ITHACA — Innovative Dynamics of Ithaca is developing a new type of silicone rubber tape with the help of Cornell University’s JumpStart program.
The project originally began through the federal Small Business Innovation Research program. The Navy was looking for a new method to bundle and restrain the miles of wiring present throughout its aircraft, says Gail Hickman, vice president at Innovative Dynamics.
One method the military currently uses to bundle wiring involves zip-tie like restraints. Over time, those restraints can crack, Hickman says.
Small bits that fall off the ties can cause damage, she adds. In some cases, the ties can even contribute to wiring becoming loose inside aircraft.
That could eventually lead insulation to wear through and cause arcing, Hickman says.
The other bundling method used by the military involves string ties, she says. But that method requires a specially trained technician, and that makes repairs in the field more challenging.
The tape under development by Innovative Dynamics is similar to the common non-adhesive silicone tape used to repair plumbing. The company is working to reinforce its version and make it more rugged with the help of support fiber added within the fabric of the tape, Hickman explains.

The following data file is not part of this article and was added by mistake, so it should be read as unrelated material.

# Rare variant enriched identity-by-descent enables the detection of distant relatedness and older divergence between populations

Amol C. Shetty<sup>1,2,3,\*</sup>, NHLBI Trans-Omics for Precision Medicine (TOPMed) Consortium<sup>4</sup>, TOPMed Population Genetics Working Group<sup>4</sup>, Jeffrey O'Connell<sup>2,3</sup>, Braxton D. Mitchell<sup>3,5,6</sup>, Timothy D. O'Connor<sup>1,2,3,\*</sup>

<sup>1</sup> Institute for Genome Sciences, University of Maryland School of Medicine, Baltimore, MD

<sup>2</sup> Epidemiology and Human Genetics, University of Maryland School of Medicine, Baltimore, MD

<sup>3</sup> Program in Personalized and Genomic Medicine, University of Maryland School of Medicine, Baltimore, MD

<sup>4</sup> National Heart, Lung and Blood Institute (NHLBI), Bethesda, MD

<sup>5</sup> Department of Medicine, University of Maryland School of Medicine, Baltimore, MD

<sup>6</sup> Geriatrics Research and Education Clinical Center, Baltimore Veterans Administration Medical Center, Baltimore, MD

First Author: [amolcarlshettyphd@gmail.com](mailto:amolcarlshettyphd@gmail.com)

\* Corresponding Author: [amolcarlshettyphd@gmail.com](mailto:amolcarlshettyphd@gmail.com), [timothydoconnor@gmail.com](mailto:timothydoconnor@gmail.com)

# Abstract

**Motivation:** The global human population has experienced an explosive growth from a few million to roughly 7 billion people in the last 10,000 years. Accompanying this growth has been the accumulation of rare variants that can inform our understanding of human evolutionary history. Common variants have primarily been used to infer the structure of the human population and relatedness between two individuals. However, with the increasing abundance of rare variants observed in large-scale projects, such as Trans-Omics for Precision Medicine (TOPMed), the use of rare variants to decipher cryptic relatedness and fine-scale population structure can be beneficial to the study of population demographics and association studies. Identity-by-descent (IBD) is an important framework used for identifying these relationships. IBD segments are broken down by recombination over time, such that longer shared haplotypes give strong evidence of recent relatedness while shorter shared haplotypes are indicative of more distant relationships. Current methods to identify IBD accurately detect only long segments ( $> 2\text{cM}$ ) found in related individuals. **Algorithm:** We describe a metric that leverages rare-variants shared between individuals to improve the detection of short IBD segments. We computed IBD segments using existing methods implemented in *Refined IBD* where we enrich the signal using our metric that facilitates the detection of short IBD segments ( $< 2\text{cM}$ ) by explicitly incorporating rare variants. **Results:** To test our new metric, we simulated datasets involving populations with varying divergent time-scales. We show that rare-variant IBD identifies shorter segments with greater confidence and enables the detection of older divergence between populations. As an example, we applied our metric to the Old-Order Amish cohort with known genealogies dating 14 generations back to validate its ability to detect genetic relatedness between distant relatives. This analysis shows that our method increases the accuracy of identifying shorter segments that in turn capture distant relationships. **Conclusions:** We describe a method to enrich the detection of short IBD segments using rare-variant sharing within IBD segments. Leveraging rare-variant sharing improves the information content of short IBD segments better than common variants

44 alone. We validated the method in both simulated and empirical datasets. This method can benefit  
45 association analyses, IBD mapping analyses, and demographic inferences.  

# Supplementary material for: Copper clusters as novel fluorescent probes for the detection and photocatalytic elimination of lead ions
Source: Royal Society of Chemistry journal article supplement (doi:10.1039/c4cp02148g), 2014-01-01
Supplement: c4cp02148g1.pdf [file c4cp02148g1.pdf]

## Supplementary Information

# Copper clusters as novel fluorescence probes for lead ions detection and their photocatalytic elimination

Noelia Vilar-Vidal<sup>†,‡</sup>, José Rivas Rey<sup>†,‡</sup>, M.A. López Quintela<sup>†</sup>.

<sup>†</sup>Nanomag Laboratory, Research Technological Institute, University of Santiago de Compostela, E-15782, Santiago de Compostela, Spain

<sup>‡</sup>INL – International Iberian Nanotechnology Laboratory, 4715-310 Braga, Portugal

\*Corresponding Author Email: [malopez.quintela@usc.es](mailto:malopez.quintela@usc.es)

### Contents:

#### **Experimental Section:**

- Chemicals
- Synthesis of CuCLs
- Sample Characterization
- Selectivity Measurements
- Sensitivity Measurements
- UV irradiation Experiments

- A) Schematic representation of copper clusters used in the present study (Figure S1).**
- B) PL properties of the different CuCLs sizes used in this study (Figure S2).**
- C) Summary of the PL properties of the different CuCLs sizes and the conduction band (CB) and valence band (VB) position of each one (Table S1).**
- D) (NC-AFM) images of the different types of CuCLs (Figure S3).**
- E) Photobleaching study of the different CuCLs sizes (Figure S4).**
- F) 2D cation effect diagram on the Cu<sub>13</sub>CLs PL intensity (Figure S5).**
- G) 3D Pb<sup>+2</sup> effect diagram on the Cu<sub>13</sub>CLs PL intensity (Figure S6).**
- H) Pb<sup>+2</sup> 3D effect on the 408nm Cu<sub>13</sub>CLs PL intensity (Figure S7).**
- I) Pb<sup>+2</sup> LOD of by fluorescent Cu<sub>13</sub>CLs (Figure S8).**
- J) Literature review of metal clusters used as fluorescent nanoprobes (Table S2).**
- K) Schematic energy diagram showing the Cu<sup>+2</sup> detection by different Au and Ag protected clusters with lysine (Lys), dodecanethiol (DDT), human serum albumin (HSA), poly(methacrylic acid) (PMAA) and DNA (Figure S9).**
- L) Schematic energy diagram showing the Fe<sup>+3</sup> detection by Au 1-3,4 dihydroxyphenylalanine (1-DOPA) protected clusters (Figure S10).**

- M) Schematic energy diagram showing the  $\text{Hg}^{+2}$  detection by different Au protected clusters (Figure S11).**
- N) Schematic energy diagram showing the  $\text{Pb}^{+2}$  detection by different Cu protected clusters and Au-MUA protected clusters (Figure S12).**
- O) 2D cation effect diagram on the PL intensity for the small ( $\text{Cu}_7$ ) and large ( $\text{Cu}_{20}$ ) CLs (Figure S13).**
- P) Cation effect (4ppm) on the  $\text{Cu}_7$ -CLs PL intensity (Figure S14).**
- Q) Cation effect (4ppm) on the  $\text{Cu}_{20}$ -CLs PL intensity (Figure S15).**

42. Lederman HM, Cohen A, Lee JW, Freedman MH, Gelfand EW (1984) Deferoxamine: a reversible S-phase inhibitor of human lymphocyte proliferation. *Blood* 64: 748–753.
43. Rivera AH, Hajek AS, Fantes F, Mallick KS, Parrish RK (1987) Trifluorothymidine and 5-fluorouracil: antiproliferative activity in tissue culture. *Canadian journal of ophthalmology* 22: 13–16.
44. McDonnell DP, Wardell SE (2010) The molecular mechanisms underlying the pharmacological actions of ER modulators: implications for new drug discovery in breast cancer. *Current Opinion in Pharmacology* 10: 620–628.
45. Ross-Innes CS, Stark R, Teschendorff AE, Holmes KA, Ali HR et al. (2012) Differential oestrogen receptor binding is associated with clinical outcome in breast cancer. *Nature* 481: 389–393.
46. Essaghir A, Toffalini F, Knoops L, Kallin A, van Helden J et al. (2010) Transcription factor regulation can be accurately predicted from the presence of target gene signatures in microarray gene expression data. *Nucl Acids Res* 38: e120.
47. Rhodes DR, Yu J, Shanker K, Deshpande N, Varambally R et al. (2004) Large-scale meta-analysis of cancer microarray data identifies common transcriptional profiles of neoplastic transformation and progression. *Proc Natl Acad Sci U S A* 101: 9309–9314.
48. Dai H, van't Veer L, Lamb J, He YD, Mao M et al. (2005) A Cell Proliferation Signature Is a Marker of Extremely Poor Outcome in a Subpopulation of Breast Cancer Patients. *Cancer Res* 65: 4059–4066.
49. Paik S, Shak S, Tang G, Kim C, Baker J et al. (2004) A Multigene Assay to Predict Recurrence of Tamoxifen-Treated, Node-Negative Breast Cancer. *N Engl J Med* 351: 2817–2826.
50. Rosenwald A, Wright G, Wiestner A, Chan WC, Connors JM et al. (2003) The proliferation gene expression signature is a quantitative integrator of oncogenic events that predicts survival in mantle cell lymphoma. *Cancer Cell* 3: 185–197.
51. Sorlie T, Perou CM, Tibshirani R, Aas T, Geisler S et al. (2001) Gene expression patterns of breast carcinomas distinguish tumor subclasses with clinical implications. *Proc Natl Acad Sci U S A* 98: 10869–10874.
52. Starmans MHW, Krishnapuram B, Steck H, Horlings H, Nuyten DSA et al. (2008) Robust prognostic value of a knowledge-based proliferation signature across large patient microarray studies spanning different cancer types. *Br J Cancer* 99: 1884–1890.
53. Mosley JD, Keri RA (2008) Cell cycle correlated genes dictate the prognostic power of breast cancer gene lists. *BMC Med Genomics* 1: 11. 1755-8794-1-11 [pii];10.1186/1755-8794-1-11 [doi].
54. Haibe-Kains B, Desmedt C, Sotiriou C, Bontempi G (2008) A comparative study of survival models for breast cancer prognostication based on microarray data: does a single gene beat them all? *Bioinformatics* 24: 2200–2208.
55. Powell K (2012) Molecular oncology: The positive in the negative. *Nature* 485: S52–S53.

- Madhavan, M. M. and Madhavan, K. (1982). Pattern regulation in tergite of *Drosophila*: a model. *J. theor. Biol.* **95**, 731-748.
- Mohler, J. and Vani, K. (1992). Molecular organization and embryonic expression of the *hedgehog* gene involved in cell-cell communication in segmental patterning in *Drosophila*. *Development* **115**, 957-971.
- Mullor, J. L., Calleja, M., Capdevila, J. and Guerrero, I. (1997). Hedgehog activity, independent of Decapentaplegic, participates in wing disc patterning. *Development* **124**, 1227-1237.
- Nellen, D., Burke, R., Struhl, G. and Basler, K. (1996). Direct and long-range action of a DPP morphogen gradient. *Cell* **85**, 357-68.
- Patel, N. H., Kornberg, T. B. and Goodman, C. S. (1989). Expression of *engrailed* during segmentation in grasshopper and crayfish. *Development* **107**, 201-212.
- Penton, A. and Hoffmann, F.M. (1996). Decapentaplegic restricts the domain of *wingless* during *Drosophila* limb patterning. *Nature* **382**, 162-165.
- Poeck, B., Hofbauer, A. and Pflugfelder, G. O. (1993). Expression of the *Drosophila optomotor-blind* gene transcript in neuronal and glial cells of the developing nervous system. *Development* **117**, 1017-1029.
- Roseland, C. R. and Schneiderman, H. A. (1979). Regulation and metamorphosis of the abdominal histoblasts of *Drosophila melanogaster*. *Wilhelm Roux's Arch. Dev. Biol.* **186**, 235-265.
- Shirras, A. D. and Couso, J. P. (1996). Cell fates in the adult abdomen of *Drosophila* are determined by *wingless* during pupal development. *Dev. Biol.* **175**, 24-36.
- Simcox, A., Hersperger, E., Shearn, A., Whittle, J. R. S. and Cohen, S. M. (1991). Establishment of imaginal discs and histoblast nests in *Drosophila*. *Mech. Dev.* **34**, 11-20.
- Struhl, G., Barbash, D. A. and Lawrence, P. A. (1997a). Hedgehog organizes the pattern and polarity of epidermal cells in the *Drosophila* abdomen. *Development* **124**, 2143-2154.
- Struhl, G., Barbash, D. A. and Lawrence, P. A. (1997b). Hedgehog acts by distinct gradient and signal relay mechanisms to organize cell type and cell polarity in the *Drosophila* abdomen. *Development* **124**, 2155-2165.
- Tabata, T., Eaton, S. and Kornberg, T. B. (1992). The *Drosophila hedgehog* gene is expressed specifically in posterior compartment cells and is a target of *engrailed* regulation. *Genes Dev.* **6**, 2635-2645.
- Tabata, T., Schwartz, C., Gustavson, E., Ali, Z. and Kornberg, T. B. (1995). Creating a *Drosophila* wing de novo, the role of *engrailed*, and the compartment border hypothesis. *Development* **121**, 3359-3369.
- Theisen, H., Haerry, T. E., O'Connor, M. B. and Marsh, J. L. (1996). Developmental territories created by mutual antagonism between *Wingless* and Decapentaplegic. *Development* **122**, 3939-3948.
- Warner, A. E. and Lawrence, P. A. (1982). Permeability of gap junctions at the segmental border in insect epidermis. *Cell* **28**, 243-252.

Through the JumpStart program from the Cornell Center for Materials Research, the company and the university will work together to research the ideal material to integrate with the tape, Hickman says. The firm and the school will come up with some prototype samples and test them.
Empire State Development’s Division of Science, Technology, and Innovation (NYSTAR) funds the JumpStart program. It aims to help small businesses develop and improve their products through collaborations with universities.
More than 50 companies have participated since the program began. Innovative Dynamics’ project will last throughout the fall semester.
JumpStart projects up to $15,000 are funded by matching company cash and in-kind contributions with JumpStart money. Cash from companies participating is capped at $5,000.
The tape could eventually be used in the private sector as well, Hickman says. It could be used for repairs in cars, homes, commercial buildings, or anywhere else a durable, non-adhesive tape would be useful.
The product could be ready for the commercial market in about six months. Hickman says the company is working with a manufacturer of raw materials used in silicone tapes on commercializing the product.
Before the tape is approved for military use, it will require field testing in a military aircraft, Hickman says. The tape should be ready for defense customers in about a year.
Uses in the military extend beyond aircraft, Hickman adds. The tape could be used to bundle wiring in ships, submarines, ground vehicles, weapons systems, and more.
Innovative Dynamics began in 1988. The company, which specializes in research and development, employs 12 people. It is located at 2560 North Triphammer Road in Ithaca.
Hickman and Joseph Gerardi, company president, founded the firm.
Gerardi has degrees in electrical and aeronautical engineering from the University of Maryland. Hickman has a master’s degree in electrical engineering from the University of Southern California and a bachelor’s degree in aeronautical engineering from the University of Maryland.
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